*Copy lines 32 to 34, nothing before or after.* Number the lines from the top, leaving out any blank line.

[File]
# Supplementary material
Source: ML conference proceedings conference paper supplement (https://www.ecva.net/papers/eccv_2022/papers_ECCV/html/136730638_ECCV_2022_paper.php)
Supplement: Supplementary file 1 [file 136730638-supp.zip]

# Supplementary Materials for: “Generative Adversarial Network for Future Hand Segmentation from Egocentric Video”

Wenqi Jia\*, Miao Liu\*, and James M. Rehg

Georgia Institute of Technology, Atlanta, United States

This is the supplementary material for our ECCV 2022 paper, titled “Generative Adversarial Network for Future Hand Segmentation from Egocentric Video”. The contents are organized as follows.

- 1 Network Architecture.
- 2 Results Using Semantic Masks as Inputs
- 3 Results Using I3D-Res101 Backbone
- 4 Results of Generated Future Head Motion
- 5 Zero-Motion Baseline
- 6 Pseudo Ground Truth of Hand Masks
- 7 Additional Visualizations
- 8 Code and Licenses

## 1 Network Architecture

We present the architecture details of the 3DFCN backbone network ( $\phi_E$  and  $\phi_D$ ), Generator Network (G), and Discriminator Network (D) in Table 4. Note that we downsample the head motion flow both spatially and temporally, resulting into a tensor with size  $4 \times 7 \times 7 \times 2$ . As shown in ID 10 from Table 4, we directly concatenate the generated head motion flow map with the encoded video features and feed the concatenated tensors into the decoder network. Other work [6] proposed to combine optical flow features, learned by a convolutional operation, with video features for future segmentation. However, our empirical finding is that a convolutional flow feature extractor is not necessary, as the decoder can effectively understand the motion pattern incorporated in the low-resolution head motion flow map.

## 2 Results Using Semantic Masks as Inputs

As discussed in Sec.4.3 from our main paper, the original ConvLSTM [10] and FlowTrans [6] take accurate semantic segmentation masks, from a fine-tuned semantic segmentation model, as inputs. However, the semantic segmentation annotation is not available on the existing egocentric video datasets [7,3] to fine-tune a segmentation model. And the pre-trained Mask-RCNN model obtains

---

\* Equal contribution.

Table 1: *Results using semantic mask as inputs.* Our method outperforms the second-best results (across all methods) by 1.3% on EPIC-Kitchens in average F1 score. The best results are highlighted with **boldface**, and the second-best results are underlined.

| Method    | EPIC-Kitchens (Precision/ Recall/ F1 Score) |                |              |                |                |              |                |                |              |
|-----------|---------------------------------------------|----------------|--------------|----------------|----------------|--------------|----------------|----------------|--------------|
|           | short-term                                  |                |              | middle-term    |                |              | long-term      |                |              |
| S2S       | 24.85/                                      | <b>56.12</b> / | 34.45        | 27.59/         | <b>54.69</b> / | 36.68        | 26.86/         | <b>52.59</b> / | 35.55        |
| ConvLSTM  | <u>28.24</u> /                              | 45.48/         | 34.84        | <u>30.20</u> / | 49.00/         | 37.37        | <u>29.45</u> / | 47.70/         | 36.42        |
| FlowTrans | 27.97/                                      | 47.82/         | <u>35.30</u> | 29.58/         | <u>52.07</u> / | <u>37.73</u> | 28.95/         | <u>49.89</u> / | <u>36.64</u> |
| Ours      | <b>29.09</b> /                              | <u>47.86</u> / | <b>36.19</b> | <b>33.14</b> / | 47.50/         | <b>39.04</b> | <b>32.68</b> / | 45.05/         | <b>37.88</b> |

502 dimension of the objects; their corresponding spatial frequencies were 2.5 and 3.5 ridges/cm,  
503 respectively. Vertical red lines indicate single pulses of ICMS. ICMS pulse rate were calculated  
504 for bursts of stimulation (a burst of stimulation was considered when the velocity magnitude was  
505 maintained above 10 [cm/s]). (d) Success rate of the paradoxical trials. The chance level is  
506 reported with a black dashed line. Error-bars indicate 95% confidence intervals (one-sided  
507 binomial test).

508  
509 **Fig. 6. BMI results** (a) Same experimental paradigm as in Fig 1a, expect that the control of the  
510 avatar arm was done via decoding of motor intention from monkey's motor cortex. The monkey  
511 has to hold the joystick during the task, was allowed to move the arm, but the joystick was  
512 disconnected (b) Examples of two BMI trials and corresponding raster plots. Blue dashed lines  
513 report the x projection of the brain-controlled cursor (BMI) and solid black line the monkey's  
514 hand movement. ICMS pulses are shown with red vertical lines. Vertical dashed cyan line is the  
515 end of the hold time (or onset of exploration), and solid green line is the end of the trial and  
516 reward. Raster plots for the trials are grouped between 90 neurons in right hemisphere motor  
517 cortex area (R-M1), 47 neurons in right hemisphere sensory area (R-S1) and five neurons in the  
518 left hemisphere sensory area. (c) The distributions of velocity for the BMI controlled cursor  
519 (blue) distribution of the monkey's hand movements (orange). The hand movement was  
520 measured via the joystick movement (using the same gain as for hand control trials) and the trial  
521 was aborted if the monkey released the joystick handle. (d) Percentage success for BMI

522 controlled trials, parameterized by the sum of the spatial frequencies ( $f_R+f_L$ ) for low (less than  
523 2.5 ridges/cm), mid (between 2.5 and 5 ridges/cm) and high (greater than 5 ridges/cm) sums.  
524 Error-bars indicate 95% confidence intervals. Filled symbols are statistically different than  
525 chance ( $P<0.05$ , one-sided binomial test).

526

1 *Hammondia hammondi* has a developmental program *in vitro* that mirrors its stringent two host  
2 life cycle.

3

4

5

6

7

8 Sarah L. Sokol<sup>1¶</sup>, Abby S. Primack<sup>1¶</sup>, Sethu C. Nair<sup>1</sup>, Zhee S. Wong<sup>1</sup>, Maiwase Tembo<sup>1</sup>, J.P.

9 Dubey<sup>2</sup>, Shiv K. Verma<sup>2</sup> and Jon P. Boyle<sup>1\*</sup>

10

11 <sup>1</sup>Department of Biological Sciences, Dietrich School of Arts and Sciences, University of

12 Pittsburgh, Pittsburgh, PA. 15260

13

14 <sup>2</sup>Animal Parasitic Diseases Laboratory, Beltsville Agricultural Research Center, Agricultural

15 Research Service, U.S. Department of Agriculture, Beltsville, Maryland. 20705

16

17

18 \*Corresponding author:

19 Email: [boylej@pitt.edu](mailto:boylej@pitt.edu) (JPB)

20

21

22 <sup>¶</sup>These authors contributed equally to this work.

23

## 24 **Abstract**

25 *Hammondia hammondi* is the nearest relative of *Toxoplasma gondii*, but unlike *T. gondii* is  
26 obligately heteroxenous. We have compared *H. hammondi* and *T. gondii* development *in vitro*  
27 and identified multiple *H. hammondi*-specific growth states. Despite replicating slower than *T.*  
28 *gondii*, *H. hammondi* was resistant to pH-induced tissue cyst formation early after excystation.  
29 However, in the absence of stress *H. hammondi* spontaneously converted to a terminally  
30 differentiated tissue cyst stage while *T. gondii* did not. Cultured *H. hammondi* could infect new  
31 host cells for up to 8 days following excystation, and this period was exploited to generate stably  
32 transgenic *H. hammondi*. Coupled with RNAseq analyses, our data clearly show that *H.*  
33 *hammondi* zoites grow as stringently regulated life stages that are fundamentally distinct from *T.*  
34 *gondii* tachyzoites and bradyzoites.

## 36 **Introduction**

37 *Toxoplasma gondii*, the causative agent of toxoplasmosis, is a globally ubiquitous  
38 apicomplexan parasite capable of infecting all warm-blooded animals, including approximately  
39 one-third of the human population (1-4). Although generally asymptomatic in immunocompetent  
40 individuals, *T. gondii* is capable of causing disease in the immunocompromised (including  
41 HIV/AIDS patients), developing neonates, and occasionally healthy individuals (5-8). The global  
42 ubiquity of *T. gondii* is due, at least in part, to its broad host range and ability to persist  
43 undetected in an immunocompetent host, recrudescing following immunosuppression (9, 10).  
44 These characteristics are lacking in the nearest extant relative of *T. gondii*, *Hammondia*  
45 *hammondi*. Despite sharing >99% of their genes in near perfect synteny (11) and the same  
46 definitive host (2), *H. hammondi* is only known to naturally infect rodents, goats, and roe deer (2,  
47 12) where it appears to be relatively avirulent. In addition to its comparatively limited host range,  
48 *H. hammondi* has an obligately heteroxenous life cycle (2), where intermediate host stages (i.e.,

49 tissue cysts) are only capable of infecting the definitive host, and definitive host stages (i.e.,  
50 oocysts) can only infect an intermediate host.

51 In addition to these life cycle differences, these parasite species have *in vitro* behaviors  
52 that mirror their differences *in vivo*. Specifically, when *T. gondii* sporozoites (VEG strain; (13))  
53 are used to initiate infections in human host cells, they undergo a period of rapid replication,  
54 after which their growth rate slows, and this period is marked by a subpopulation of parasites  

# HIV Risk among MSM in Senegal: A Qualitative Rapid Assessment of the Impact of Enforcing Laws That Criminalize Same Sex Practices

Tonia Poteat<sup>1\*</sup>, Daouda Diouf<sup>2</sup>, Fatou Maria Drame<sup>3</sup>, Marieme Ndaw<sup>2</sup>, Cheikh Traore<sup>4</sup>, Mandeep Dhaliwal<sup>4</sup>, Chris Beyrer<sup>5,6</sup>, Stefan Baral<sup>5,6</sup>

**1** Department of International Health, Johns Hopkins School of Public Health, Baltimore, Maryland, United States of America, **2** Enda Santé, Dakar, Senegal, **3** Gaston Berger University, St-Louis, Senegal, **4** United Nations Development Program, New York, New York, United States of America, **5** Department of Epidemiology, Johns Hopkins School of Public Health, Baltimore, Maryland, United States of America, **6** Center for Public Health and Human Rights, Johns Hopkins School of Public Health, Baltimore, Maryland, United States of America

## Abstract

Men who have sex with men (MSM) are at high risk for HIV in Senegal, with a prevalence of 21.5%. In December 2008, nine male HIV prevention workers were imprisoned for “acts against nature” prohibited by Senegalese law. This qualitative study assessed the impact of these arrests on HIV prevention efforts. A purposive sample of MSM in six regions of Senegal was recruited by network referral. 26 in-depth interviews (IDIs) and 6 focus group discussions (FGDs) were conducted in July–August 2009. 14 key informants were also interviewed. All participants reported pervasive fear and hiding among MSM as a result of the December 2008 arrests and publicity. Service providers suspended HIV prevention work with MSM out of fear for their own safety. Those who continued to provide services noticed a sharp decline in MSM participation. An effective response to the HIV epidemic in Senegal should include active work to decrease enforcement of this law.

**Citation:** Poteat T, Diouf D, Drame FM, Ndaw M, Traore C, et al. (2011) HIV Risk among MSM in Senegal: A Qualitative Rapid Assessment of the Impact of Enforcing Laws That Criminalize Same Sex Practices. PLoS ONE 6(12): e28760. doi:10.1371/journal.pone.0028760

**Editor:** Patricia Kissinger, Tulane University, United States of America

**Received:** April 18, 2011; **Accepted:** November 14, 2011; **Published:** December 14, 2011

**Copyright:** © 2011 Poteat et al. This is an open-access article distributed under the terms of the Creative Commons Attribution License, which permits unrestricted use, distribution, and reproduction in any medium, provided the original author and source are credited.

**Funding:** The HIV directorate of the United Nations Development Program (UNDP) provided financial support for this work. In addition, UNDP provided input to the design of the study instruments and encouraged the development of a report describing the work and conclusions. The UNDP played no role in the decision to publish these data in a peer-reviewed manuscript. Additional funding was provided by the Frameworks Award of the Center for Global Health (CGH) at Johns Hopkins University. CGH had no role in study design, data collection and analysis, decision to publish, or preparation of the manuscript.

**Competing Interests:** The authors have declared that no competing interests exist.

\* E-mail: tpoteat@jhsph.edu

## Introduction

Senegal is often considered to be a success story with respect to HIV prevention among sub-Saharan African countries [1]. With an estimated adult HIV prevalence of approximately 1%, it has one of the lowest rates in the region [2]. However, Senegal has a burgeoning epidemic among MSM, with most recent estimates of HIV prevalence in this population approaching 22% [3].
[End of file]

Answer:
504 for bursts of stimulation (a burst of stimulation was considered when the velocity magnitude was  
505 maintained above 10 [cm/s]). (d) Success rate of the paradoxical trials. The chance level is  
506 reported with a black dashed line. Error-bars indicate 95% confidence intervals (one-sided  